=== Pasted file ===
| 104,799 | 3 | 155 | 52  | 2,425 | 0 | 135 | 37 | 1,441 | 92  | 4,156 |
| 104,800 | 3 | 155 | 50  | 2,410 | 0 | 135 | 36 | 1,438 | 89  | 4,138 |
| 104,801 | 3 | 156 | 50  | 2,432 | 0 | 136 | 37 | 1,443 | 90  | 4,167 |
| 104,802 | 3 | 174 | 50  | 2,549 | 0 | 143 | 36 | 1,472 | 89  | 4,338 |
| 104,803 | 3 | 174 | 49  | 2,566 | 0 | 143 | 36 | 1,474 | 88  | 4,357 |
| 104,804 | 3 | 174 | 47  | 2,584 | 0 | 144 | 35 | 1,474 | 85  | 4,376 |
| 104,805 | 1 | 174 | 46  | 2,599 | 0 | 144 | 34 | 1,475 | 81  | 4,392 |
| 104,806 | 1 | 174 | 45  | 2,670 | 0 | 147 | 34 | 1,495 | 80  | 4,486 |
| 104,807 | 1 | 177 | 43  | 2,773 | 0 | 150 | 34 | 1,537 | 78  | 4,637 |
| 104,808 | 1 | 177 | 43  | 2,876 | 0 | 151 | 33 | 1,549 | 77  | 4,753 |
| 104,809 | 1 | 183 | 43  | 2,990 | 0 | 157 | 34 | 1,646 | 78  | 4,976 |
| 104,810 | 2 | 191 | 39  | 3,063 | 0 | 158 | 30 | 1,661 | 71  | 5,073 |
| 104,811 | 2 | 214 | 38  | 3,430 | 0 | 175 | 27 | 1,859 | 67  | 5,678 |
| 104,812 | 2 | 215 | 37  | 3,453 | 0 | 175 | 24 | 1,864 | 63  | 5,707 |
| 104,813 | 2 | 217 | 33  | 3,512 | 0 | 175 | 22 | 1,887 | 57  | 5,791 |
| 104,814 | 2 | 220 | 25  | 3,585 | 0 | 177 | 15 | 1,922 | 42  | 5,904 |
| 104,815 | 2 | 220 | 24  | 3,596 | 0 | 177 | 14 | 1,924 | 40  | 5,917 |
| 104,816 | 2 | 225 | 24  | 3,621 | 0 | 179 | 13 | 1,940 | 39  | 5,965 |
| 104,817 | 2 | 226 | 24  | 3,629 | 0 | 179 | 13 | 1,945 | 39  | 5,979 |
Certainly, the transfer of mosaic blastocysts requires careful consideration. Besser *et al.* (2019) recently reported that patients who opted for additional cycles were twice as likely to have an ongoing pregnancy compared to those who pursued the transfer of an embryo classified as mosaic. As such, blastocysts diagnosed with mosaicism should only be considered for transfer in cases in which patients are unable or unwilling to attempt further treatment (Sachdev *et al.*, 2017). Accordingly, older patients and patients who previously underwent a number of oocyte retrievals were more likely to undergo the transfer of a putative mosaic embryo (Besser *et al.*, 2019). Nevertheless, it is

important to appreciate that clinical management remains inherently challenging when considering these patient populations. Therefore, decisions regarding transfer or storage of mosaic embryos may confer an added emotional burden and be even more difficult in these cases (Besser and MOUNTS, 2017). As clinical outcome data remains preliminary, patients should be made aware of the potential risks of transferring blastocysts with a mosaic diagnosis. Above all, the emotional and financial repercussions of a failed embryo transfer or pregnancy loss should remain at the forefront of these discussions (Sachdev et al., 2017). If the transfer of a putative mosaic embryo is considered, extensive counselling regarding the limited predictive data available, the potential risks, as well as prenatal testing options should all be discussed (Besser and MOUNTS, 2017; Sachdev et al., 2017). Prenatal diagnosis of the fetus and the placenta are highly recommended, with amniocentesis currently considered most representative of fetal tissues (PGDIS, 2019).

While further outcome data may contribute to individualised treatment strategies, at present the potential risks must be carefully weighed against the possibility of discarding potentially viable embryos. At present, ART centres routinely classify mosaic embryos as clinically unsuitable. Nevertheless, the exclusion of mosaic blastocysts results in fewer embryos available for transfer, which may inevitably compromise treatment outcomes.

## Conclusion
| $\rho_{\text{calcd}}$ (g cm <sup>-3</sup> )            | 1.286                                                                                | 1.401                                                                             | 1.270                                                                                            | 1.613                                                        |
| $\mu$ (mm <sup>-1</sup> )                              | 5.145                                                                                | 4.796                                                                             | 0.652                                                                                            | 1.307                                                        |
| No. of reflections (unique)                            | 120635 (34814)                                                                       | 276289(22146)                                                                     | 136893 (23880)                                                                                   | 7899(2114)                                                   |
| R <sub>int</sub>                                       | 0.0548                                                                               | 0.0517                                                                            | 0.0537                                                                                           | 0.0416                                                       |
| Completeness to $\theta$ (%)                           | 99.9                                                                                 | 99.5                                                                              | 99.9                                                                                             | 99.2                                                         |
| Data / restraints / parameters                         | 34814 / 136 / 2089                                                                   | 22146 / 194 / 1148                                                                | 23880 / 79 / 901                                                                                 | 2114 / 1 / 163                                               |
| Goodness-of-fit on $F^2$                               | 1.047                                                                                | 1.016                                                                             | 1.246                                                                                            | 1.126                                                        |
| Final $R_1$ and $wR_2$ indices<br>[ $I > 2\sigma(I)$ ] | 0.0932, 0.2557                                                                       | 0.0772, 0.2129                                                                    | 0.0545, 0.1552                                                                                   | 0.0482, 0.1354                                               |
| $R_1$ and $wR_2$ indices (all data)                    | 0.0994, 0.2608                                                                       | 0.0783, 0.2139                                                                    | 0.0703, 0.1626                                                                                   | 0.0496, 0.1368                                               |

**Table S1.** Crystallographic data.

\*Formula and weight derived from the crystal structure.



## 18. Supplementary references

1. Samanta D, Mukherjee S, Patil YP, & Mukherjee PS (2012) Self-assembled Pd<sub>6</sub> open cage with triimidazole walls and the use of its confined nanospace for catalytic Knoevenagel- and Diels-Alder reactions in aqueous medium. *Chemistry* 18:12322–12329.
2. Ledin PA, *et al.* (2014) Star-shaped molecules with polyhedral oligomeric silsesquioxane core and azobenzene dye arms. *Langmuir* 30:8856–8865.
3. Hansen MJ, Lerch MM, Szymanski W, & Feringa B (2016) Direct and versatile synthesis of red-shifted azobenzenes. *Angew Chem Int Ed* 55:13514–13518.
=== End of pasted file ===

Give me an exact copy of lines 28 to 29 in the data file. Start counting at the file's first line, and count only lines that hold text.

| Completeness to $\theta$ (%)                           | 99.9                                                                                 | 99.5                                                                              | 99.9                                                                                             | 99.2                                                         |
| Data / restraints / parameters                         | 34814 / 136 / 2089                                                                   | 22146 / 194 / 1148                                                                | 23880 / 79 / 901                                                                                 | 2114 / 1 / 163                                               |